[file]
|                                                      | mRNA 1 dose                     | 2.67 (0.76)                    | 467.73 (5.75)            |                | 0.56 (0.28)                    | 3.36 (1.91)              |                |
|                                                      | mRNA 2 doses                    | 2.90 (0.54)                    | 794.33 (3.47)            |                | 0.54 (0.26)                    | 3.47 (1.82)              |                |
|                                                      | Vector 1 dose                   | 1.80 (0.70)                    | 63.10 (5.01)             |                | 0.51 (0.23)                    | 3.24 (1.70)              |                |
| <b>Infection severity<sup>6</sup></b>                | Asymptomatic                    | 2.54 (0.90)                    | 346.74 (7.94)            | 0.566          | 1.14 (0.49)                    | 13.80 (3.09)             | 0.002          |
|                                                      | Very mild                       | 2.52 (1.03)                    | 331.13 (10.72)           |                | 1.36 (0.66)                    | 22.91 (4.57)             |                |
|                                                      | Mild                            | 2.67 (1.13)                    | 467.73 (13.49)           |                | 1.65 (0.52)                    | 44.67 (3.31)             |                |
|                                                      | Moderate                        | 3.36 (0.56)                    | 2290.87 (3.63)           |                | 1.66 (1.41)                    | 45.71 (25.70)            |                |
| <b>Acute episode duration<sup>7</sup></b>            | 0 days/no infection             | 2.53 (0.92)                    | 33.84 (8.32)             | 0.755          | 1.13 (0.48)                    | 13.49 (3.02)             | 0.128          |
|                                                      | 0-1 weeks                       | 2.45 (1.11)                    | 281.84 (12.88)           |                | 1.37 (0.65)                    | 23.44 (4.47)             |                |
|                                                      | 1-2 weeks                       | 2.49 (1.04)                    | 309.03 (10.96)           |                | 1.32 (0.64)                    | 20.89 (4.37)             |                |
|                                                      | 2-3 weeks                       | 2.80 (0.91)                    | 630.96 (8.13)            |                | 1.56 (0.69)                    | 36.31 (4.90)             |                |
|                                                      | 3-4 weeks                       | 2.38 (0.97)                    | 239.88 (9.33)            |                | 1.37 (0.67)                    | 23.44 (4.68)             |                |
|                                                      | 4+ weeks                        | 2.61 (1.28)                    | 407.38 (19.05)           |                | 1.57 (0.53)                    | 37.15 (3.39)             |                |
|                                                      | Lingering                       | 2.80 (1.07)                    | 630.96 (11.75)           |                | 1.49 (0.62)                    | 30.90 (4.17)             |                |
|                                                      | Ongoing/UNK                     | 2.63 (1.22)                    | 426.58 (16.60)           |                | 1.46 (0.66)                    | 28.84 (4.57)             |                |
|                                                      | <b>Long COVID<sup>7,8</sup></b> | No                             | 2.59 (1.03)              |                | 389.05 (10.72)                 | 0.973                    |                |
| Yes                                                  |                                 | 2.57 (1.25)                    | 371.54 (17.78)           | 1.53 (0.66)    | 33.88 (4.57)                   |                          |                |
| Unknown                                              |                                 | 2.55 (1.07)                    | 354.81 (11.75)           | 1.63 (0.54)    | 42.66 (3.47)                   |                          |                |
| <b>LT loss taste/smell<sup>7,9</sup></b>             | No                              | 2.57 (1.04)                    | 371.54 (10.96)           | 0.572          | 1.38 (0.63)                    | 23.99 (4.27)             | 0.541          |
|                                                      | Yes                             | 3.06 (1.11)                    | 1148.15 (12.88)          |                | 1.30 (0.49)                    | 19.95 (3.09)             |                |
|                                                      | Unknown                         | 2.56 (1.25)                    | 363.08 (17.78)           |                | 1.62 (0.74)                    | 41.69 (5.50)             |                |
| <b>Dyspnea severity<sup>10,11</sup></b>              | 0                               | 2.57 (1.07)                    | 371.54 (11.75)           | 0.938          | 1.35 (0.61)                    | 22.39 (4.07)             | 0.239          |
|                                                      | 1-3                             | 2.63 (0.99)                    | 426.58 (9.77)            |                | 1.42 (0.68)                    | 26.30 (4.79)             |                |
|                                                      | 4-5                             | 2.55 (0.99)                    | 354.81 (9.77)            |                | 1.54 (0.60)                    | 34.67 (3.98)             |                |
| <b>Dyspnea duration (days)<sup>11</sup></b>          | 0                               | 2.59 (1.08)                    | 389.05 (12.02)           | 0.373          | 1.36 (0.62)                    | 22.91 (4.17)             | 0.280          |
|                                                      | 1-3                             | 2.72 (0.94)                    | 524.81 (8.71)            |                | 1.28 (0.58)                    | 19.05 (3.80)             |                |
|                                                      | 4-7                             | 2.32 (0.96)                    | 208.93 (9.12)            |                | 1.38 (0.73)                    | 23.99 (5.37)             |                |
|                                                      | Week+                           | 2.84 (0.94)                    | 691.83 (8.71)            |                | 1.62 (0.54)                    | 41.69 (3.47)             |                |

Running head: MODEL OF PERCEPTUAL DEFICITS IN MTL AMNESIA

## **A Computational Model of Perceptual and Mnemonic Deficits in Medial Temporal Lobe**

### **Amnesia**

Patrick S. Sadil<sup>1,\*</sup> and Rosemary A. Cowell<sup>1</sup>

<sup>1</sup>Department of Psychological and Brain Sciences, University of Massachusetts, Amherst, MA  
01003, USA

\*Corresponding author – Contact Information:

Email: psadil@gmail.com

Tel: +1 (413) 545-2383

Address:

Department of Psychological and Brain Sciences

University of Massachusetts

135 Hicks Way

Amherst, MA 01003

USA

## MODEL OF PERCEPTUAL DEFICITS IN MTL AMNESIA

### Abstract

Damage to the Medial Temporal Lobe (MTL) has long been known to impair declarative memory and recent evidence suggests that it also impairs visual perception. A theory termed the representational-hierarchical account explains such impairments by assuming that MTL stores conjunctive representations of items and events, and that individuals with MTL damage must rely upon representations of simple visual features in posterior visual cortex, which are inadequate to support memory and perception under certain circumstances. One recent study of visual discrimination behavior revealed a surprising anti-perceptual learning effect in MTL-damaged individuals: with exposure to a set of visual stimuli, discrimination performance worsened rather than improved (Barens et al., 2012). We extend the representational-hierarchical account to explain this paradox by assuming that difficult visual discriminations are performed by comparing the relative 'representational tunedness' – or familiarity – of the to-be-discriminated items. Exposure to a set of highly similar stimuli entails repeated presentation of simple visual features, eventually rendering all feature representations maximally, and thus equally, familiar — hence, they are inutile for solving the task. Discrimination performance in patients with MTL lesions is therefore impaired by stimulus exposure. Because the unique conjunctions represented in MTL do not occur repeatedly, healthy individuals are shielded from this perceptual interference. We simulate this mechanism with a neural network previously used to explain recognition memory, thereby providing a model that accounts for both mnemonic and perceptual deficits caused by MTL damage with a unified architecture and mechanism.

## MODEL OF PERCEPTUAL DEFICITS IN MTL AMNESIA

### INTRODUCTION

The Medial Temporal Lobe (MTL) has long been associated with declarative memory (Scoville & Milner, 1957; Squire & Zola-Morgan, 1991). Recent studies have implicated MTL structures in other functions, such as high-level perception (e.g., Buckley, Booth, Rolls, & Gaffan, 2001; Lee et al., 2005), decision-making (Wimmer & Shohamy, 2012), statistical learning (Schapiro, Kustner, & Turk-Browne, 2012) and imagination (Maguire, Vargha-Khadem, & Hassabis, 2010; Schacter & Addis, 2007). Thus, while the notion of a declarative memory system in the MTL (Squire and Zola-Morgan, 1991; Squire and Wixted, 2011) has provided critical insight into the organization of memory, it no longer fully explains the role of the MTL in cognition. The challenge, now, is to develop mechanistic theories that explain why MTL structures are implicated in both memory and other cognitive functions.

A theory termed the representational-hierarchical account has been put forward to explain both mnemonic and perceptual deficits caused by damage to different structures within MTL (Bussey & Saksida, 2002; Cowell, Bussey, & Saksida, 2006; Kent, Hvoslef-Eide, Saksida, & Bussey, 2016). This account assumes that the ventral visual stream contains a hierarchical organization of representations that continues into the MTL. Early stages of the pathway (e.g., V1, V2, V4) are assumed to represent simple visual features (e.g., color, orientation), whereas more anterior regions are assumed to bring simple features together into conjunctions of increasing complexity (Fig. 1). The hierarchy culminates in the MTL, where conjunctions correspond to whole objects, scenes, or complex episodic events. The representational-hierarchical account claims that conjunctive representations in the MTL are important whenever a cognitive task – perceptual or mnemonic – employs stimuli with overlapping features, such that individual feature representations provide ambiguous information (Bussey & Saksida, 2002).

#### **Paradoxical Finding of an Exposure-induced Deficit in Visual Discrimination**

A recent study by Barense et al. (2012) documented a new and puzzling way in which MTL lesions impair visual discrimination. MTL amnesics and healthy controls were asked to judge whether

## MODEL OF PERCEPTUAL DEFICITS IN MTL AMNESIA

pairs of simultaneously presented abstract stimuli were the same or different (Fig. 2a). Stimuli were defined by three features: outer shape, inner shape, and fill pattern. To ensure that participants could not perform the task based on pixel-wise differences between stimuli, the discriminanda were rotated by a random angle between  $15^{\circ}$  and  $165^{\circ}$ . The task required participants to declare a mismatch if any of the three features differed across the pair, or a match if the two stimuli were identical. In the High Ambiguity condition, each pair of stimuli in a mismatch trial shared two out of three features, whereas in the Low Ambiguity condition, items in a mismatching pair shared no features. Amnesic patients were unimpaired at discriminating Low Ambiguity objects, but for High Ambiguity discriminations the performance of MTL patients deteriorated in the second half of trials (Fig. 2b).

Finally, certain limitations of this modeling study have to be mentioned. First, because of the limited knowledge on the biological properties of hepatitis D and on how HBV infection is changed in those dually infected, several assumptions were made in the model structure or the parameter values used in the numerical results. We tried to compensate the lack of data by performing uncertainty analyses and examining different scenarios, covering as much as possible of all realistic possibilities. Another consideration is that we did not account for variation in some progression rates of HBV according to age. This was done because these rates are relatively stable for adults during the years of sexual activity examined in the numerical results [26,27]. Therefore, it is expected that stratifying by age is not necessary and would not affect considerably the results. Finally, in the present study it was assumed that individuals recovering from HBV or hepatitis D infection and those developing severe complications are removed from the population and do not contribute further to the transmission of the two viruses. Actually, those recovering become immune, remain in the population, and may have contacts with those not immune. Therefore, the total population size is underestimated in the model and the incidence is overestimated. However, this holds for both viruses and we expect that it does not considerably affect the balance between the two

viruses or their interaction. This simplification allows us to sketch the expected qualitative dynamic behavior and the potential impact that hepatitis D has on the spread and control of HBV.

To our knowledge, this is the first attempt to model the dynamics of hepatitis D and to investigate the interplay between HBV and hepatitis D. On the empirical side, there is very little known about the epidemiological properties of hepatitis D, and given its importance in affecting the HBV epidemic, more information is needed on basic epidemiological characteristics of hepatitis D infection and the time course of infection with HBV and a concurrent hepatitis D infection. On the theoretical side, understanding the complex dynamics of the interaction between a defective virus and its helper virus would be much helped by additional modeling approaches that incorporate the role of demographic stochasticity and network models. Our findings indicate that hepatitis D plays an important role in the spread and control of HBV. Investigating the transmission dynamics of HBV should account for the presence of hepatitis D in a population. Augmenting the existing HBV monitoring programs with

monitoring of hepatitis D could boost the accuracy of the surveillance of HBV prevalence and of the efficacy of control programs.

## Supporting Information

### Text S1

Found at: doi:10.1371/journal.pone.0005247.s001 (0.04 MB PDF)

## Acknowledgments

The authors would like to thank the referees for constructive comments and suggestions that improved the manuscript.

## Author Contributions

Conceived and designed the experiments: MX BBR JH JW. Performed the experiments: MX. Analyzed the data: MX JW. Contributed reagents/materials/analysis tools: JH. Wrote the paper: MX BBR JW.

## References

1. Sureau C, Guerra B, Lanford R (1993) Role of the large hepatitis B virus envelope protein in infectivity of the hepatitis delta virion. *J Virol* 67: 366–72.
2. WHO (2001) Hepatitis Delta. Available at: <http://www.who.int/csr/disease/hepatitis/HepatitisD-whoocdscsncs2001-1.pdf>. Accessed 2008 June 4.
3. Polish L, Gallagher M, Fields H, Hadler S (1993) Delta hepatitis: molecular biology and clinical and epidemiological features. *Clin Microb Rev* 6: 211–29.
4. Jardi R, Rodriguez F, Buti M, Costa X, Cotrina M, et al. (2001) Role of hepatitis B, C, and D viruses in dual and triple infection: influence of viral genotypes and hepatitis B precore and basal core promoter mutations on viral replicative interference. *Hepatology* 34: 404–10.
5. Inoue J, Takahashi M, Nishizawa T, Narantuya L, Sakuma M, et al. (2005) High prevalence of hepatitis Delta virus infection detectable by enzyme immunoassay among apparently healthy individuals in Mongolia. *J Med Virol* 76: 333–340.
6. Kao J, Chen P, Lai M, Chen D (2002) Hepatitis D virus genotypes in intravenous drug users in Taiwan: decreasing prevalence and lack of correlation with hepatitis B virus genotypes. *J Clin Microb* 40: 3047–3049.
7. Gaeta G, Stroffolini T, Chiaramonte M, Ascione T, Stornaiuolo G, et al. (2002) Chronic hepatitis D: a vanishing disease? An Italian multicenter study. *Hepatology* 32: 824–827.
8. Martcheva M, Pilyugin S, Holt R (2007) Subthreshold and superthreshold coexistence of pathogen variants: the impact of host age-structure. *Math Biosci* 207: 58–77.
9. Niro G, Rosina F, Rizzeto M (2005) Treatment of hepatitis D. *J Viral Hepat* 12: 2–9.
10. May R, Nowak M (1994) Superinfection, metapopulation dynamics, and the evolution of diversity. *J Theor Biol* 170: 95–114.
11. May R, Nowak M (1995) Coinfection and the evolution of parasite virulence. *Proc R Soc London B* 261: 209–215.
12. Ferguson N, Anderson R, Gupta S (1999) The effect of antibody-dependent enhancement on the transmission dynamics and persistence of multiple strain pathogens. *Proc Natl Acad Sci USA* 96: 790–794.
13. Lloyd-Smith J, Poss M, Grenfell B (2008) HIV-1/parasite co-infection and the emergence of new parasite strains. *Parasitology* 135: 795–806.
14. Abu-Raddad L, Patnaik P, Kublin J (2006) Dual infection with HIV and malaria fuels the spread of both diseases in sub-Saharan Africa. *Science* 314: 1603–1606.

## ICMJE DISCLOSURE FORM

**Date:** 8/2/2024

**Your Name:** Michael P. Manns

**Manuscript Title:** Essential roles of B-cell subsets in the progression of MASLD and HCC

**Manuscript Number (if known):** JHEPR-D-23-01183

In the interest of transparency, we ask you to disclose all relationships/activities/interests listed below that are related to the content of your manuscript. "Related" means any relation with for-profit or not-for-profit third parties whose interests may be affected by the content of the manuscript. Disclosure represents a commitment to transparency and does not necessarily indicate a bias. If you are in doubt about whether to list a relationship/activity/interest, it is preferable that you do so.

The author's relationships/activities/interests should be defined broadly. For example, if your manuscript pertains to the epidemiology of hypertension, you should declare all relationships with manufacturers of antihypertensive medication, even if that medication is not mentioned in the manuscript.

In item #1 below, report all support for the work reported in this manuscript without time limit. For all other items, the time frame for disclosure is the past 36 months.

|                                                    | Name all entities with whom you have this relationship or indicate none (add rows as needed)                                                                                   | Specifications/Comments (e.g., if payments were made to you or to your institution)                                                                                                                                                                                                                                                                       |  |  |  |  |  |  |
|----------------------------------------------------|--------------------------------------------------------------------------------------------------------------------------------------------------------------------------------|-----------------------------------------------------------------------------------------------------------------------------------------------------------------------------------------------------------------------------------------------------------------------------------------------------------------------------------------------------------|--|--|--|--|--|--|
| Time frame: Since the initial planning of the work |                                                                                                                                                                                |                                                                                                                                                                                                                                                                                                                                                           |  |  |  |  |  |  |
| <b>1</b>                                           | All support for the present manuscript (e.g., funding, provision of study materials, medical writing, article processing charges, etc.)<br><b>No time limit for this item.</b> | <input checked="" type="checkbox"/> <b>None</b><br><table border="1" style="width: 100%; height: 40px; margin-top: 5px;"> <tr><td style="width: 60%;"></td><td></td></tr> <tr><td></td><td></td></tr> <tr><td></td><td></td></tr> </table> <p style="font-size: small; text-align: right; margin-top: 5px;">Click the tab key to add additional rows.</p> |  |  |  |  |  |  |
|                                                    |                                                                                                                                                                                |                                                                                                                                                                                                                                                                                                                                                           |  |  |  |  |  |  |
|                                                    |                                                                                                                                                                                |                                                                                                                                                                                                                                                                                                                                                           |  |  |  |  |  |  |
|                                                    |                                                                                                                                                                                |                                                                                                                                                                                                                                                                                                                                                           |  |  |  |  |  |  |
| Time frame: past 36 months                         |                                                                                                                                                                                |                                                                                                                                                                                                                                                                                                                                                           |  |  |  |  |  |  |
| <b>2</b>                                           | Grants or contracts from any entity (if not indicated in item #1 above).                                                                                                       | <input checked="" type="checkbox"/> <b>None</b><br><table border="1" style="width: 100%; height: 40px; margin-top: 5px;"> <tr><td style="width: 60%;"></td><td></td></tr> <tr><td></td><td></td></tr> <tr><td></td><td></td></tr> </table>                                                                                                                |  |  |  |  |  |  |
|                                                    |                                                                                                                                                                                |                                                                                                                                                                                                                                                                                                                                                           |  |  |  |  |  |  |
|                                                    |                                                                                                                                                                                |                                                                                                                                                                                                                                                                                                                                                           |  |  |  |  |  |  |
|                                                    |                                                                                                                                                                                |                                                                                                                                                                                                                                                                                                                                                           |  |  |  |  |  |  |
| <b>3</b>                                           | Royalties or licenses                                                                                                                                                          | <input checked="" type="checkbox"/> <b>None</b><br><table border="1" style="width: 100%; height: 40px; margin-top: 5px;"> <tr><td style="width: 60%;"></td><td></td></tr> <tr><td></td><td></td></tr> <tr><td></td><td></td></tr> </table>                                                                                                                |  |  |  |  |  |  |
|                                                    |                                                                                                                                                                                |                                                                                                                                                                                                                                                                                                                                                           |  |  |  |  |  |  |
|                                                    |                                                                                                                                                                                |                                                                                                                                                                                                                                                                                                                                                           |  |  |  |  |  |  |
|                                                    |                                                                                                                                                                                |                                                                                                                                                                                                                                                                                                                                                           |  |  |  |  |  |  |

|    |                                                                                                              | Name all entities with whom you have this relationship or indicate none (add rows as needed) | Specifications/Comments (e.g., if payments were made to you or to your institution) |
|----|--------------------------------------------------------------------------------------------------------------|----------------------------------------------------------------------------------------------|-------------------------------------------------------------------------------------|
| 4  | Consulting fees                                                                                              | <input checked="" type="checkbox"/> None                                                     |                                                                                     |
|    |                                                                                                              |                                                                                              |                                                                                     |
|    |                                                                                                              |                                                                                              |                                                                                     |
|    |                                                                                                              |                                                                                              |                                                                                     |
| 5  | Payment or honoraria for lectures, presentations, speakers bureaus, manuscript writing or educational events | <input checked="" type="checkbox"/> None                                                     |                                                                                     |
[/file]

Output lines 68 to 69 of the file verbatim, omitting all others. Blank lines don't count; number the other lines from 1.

2. WHO (2001) Hepatitis Delta. Available at: <http://www.who.int/csr/disease/hepatitis/HepatitisD-whoocdscsncs2001-1.pdf>. Accessed 2008 June 4.
3. Polish L, Gallagher M, Fields H, Hadler S (1993) Delta hepatitis: molecular biology and clinical and epidemiological features. *Clin Microb Rev* 6: 211–29.